What started as a “listening tour” led by a new foundation president has now become an ambitious embrace of participatory grantmaking, a growing practice in philanthropy in which a community served is given the power to make funding decisions.
The Hartford Foundation for Public Giving, under former Obama administration official Jay Williams, set out listening to the 29 towns in the region it supports, and before it was even over, picked up on an all-too-familiar refrain:
“After 16 stops meeting residents from 23 towns, one common theme emerged; residents understand the challenges they face in their communities, but are often constrained by a lack of resources,” the program’s announcement stated.
That communities best know how to solve their own problems is an idea shared by practitioners of participatory grantmaking, which seeks to make philanthropy more inclusive and responsive, while disrupting power imbalances in the sector. In the case of the Hartford Foundation, which has been around for over 90 years, it’s leading the institution to establish a whopping 29 new funds totaling $2.9 million, one to be controlled by each town the foundation serves in the Hartford region.
Here’s how it will work: Starting in spring next year, 29 Greater Together Community Funds will receive $100,000, with $50,000 to be disbursed up front, and another $50,000 that will be endowed for future grantmaking. Community donors will also be able to contribute directly to each fund.
In the meantime, the foundation will work with each town to establish an inclusive and representative advisory committee that will control each fund. Each committee will identify needs and develop their own grantmaking process, while the foundation advises as needed.
“The purpose of the Greater Together Community Funds is to support communities as they identify and address the unique needs in their own towns,” the announcement says. The foundation has also supported a program called Hartford Decides, a participatory budgeting initiative in the City of Hartford.
The decision has been in the works for a while now, but the announcement Thursday was timely. Participatory grantmaking, while not a new practice, has been surfacing more in the mainstream lately, including a new GrantCraft guide recently released by Foundation Center. The practice is seen by supporters as a way to do better grantmaking by relying on those with lived experience in complex societal problems. It’s also a way to take on growing concerns about philanthropy as a plutocratic institution, in which wealthy, often largely white institutions hold decision-making power over communities they serve.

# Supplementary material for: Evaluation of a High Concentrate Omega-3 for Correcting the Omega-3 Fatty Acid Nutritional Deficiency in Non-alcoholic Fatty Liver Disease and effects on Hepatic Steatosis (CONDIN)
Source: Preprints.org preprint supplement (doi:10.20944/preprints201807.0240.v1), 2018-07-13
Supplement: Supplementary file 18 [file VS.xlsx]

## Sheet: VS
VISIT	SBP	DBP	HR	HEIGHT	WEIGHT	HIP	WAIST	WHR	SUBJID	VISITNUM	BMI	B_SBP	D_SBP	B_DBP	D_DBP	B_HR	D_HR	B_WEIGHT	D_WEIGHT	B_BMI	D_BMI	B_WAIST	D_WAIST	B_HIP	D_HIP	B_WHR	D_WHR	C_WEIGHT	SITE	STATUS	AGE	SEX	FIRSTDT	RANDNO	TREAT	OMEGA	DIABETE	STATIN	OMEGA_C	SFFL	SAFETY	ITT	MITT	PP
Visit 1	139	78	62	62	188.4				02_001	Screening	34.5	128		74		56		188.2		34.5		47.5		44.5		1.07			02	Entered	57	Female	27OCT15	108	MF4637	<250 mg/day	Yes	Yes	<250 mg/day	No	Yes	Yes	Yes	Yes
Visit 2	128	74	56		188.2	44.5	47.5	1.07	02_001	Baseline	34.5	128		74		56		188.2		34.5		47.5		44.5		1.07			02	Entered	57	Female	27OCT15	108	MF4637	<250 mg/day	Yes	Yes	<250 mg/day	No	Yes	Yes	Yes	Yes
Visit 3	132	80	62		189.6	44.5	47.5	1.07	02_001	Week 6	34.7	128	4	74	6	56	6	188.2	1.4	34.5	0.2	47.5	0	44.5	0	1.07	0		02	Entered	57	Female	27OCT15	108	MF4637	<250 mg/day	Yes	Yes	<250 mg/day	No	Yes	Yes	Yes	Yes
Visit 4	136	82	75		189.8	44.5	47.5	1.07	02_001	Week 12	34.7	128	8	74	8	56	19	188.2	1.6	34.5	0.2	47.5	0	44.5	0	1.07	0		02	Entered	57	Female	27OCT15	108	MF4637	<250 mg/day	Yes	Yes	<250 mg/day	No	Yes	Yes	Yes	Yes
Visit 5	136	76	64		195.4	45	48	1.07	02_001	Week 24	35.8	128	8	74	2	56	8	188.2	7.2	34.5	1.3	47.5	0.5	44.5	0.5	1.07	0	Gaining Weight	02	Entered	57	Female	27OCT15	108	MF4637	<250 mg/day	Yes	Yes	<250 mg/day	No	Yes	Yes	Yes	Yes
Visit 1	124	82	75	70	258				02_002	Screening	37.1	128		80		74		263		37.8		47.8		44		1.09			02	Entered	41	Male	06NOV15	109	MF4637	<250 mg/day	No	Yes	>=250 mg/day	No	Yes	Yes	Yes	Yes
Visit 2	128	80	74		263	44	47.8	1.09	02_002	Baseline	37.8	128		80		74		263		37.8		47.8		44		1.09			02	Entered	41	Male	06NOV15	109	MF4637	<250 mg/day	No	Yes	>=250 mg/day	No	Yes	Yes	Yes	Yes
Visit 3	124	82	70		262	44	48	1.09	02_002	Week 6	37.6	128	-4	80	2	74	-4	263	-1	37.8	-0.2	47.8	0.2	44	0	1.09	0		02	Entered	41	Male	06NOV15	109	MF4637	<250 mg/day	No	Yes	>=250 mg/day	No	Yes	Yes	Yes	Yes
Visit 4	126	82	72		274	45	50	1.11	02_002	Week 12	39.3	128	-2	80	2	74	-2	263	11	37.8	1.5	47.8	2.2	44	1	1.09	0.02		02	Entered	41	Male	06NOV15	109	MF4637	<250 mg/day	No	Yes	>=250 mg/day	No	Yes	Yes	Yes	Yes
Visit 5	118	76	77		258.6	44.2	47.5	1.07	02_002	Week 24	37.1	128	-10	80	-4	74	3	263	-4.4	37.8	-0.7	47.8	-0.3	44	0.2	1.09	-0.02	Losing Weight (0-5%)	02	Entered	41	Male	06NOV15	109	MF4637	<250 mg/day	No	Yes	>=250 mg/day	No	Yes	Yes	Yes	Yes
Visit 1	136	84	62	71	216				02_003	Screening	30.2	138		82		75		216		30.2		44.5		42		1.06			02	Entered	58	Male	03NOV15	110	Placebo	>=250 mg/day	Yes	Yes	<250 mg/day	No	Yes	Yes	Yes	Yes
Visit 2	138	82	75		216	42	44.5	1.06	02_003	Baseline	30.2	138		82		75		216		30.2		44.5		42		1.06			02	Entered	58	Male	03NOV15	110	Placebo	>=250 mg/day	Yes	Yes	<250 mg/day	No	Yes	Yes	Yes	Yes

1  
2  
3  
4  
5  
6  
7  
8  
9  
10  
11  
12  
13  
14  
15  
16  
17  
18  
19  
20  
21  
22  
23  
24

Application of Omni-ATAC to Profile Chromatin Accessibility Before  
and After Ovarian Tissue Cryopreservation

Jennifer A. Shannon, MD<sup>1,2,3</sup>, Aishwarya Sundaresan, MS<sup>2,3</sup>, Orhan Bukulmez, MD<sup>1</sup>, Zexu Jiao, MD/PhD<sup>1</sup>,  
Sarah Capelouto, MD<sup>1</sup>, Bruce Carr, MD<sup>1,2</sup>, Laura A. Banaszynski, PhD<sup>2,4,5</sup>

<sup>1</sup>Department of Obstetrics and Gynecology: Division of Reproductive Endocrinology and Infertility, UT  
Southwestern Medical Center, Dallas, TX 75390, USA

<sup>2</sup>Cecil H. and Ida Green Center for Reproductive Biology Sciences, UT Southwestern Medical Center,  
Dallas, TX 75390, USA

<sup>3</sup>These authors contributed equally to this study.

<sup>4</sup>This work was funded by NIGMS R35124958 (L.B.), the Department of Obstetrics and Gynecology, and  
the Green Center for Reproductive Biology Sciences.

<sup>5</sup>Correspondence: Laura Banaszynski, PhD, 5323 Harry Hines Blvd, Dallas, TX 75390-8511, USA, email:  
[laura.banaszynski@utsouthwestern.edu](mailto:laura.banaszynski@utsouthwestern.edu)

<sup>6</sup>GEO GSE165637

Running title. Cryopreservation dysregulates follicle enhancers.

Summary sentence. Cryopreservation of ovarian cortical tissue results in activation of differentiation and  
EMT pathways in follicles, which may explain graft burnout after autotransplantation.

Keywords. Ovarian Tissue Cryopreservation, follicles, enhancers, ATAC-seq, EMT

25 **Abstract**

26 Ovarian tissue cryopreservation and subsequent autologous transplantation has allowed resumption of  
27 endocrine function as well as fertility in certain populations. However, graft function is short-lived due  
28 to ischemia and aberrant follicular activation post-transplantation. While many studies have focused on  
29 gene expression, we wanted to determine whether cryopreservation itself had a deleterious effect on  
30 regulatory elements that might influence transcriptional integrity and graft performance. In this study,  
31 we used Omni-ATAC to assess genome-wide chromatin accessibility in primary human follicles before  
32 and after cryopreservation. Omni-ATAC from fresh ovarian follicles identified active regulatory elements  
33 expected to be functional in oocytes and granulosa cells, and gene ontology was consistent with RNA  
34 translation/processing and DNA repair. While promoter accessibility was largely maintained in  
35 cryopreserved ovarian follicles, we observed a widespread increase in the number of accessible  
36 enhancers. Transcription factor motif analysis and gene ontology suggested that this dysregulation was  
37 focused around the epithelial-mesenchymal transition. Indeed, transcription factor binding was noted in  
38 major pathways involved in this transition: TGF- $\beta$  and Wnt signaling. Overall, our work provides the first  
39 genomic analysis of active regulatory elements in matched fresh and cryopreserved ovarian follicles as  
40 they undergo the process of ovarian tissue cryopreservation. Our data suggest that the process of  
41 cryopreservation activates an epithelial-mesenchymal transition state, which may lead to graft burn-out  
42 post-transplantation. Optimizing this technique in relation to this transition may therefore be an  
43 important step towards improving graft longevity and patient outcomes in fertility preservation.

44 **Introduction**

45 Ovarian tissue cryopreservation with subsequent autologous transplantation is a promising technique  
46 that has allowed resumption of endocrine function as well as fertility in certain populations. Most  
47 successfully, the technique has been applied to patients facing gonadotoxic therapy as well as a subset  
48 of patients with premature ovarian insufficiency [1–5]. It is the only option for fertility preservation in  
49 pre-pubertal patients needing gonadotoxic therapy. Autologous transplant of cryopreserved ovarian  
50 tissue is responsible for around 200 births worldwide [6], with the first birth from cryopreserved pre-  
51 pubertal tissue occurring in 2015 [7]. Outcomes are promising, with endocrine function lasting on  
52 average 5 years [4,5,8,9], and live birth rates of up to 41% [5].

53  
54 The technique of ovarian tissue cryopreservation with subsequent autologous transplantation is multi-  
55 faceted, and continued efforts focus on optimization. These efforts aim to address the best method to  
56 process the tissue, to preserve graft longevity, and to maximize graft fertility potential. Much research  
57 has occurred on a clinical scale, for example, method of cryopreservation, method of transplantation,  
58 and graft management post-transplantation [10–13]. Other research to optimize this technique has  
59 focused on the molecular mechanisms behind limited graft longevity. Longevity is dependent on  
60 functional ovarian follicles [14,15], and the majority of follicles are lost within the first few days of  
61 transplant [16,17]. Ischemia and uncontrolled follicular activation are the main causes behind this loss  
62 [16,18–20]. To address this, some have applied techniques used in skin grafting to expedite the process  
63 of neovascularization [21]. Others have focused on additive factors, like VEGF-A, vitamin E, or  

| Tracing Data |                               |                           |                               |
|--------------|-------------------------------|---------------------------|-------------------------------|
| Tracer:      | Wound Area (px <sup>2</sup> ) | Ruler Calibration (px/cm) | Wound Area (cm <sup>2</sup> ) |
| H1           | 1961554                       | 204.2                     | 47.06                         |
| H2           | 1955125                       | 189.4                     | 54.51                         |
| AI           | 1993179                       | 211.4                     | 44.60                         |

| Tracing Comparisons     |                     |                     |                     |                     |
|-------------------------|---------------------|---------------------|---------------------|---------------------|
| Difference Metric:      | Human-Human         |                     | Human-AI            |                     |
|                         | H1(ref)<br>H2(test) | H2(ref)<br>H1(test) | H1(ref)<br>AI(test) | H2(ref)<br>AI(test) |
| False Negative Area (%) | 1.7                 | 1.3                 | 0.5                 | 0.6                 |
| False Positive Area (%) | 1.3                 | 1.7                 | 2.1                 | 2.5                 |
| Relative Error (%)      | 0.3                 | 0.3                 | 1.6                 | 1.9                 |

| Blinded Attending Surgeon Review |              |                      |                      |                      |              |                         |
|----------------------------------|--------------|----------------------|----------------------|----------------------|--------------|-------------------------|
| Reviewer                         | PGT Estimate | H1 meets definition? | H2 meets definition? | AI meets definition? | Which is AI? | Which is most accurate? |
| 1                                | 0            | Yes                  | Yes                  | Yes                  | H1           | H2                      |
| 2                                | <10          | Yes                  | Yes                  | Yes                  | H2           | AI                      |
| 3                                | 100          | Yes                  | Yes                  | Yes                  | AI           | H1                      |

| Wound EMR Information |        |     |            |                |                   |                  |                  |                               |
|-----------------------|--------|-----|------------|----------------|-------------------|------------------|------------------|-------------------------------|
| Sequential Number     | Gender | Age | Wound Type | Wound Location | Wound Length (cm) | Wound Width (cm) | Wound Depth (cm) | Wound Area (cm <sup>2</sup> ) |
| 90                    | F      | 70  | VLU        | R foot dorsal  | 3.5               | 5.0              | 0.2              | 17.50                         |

The Hartford Foundation’s decision is an impressive and welcome move, according to Cynthia Gibson, author of the GrantCraft report and longtime consultant on participatory grantmaking:
The scope and depth of this participatory grantmaking initiative is truly inspiring and will be a huge contribution to the field, especially if there’s an evaluation component to it that assesses not only results but also the degree to which residents felt a sense of agency and the trust needed to continue this work well into the future.
Participatory grantmaking, as powerful as it can be, is definitely challenging to get right and its results can be hard to quantify. Part of what’s so impressive about the Hartford Foundation’s decision is the sheer number of funds and grantmaking processes that need to be established, which will almost certainly be a messy and labor-intensive process.
The funds make up a modest dollar amount for the foundation, which granted $34.5 million in 2017, but the concept of establishing one fund for every town it supports makes an admirable statement about the way the foundation is aiming to distribute power.
It also represents a shift in what, at least within this initiative, the foundation sees as its job. It’s a greater workload toward facilitation and support, rather than choosing priorities and strategies.
This is definitely an effort to watch.